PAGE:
By Christopher Roberson
Under the scorching July sun, 333 runners lined up in front of Town Hall to participate in the 51st Annual Fourth of July 5K Road Race.
Shawn Wallace, 37, of Waltham, won the event with a time of 16 minutes, 44 seconds, beating second-place finisher Daniel O’Flynn, 24, of Ipswich, by 14 seconds. In addition to his first-place finish, Wallace was also pushing his one-year-old son, Brennen, in a 25-pound stroller.
From the fleet of Lynnfield runners, Nathan Lopez, 13, emerged with the best time of 17 minutes, 52 seconds and finished in fourth place overall.
Kelly Carter, 41, of Windham, N.H., recorded the best women’s time of 20 minutes, 25 seconds and finished in 15th place overall.
There were also 15 students from Lynnfield High School who took part in the race. Within that group, Joseph Fabrizio, 17, easily took first place with a time of 20 minutes, 53 seconds. David Blake, also 17, finished in second place with a time of 22 minutes flat.
The course took runners from Summer Street to Walnut Street to Thomas Road and back onto Summer Street before returning to Town Hall.
“It was a beautiful day to run,” said first-time runner Matthew Uzenski, 36, of Wakefield.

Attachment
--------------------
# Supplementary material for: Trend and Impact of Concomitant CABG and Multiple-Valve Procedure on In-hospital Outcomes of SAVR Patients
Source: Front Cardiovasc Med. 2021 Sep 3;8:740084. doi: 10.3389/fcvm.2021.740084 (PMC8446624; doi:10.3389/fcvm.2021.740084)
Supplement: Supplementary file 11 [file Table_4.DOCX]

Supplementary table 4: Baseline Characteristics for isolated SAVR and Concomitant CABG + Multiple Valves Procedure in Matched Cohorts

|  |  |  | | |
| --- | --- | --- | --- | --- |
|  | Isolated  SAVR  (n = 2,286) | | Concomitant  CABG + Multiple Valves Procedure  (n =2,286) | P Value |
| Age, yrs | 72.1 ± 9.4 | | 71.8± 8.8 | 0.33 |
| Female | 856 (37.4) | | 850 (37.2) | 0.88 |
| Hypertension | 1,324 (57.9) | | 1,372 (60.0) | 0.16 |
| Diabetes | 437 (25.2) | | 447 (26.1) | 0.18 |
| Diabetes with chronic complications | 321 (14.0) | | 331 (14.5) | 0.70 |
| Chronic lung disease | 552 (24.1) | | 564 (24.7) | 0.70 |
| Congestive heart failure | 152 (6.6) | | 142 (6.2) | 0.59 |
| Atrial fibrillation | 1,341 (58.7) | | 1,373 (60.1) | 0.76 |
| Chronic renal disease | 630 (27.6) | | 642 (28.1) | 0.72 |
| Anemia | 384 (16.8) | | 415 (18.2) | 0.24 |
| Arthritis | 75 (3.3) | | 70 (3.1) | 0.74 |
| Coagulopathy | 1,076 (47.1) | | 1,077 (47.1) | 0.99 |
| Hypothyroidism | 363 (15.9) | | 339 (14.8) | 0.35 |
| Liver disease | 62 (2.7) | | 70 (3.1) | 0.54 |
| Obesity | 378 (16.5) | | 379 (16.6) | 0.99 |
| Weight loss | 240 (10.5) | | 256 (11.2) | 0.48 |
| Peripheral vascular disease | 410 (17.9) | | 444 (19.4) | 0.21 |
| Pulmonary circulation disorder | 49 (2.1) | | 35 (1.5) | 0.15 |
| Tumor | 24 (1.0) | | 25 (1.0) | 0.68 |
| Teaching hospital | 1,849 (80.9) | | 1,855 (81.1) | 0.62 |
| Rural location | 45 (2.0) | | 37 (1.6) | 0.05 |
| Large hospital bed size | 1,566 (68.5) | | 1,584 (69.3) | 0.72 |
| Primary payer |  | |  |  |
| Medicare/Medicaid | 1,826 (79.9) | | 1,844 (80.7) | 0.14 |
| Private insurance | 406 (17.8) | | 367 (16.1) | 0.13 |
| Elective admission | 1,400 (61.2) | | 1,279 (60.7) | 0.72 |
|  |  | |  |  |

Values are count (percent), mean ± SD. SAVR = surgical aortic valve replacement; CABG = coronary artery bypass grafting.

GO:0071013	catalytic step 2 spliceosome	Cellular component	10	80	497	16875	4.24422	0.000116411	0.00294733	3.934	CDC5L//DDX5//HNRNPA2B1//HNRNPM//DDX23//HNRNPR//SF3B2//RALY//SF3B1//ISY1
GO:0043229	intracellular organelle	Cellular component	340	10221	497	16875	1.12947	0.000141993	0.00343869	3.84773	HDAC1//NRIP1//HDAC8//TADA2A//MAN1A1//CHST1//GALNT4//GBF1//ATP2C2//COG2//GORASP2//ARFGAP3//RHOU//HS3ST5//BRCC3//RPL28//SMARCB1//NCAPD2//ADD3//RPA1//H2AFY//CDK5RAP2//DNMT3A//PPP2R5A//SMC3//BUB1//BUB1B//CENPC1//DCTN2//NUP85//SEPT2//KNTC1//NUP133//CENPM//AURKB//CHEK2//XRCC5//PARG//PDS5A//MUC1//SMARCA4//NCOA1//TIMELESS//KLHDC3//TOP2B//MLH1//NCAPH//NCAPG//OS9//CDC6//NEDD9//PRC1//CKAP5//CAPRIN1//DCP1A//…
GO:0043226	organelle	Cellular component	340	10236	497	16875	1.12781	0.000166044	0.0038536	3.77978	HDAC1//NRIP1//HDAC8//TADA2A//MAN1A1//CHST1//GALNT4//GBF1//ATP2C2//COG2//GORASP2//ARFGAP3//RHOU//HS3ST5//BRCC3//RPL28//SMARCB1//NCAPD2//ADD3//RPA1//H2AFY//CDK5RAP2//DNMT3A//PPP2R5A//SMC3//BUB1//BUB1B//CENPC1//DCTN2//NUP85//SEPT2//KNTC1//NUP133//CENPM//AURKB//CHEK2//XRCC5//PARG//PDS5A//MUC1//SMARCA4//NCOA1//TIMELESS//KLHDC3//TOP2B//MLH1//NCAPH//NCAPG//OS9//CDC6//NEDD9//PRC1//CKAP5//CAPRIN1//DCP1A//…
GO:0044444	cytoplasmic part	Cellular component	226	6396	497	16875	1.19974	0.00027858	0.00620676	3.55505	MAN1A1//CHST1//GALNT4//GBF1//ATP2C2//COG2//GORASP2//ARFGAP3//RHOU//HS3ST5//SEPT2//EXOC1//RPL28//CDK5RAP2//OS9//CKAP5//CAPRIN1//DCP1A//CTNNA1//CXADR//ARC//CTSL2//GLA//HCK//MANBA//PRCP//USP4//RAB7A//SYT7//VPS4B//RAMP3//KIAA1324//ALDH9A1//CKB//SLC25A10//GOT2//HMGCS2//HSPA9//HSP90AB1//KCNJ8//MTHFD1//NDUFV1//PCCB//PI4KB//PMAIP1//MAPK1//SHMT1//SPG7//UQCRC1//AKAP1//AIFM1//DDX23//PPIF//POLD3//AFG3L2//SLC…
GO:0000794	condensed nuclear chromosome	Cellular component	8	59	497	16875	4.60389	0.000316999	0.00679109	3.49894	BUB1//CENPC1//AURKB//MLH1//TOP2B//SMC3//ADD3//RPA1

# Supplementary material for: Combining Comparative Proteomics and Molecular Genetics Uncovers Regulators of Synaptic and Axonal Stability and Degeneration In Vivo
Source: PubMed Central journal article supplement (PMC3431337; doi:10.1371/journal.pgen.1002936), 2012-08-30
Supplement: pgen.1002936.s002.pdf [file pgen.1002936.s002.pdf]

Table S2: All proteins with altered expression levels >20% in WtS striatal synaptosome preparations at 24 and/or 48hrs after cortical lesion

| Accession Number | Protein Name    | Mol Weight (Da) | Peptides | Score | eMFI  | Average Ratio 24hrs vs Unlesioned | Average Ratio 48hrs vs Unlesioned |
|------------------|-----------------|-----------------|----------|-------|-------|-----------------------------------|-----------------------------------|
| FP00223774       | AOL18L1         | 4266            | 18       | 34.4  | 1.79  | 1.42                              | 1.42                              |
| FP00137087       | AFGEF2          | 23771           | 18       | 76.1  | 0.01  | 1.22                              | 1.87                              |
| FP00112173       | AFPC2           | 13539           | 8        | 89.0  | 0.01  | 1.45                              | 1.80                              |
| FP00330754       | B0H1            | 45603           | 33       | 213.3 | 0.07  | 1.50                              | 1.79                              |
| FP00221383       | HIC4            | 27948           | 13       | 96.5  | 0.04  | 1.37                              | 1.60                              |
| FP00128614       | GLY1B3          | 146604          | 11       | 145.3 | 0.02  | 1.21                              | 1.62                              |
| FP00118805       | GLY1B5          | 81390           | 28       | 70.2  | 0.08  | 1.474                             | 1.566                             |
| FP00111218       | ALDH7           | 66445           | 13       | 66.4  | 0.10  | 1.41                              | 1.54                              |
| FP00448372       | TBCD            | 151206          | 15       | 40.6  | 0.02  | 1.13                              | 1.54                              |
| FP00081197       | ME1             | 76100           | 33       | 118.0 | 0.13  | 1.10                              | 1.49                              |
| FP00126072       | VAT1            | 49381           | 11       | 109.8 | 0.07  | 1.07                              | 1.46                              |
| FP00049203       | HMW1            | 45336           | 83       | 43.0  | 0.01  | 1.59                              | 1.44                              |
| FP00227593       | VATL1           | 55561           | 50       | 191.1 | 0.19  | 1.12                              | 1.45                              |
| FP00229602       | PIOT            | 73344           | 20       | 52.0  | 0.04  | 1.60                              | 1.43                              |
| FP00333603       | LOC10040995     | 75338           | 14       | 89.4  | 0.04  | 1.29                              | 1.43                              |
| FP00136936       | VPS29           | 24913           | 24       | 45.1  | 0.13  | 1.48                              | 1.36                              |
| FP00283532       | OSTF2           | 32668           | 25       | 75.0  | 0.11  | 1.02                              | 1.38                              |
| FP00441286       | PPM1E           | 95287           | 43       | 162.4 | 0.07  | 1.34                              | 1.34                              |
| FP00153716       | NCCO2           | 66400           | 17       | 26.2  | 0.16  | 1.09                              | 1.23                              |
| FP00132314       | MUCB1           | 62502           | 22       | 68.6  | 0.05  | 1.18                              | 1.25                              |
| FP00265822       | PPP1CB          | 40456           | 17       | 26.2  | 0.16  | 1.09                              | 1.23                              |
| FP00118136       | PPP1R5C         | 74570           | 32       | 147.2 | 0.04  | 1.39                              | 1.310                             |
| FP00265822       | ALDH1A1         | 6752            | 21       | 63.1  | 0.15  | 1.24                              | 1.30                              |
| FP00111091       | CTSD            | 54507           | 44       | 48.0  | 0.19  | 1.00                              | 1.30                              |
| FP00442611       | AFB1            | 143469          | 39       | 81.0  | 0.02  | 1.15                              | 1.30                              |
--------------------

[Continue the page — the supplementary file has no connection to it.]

Although there was a small incline at the halfway point, Uzenski said, the last half-mile was downhill. “It was a nice way to finish it,” he said.
John Brzezenski, 49, of Reading, said there were a couple of hills that presented a “moderate challenge.” However, Brzezenski said he still enjoyed running in the race for the first time.
Another first-time participant, Matthew Pagos, 32, of Lynnfield, said the course was “fairly easy.” He also appreciated those residents who greeted the runners with garden hoses along the way. “That was refreshing, it was nice that they came out,” said Pagos.
This was also the first year for Christian Sullivan, 34, of Lynnfield, and his wife, Christine. “It was really cool; we just moved here a year ago,” said Christian.
Despite the heat, Logistics Coordinator Susie Cleary said, the event still went off without a hitch. “Even with the elevated temperatures, people came out in support,” she said, adding that the number of runners had increased by approximately 30 percent compared to last year. “The heat created no significant problem, just sweaty runners.”
However, nothing was left to chance. “A line of communication was set up between the water stops and the start and finish area to alert of any potential problems with overheated runners,” said Cleary.
Race Organizer Andrea Bracconier said the race has been manually timed since it began in 1967, which she said “adds to the excitement.”
“It is a success because of the great volunteers that keep it moving,” said Bracconier. “For the past 51 years, the town comes out and joins in the fun, whether running, volunteering or cheering runners on.”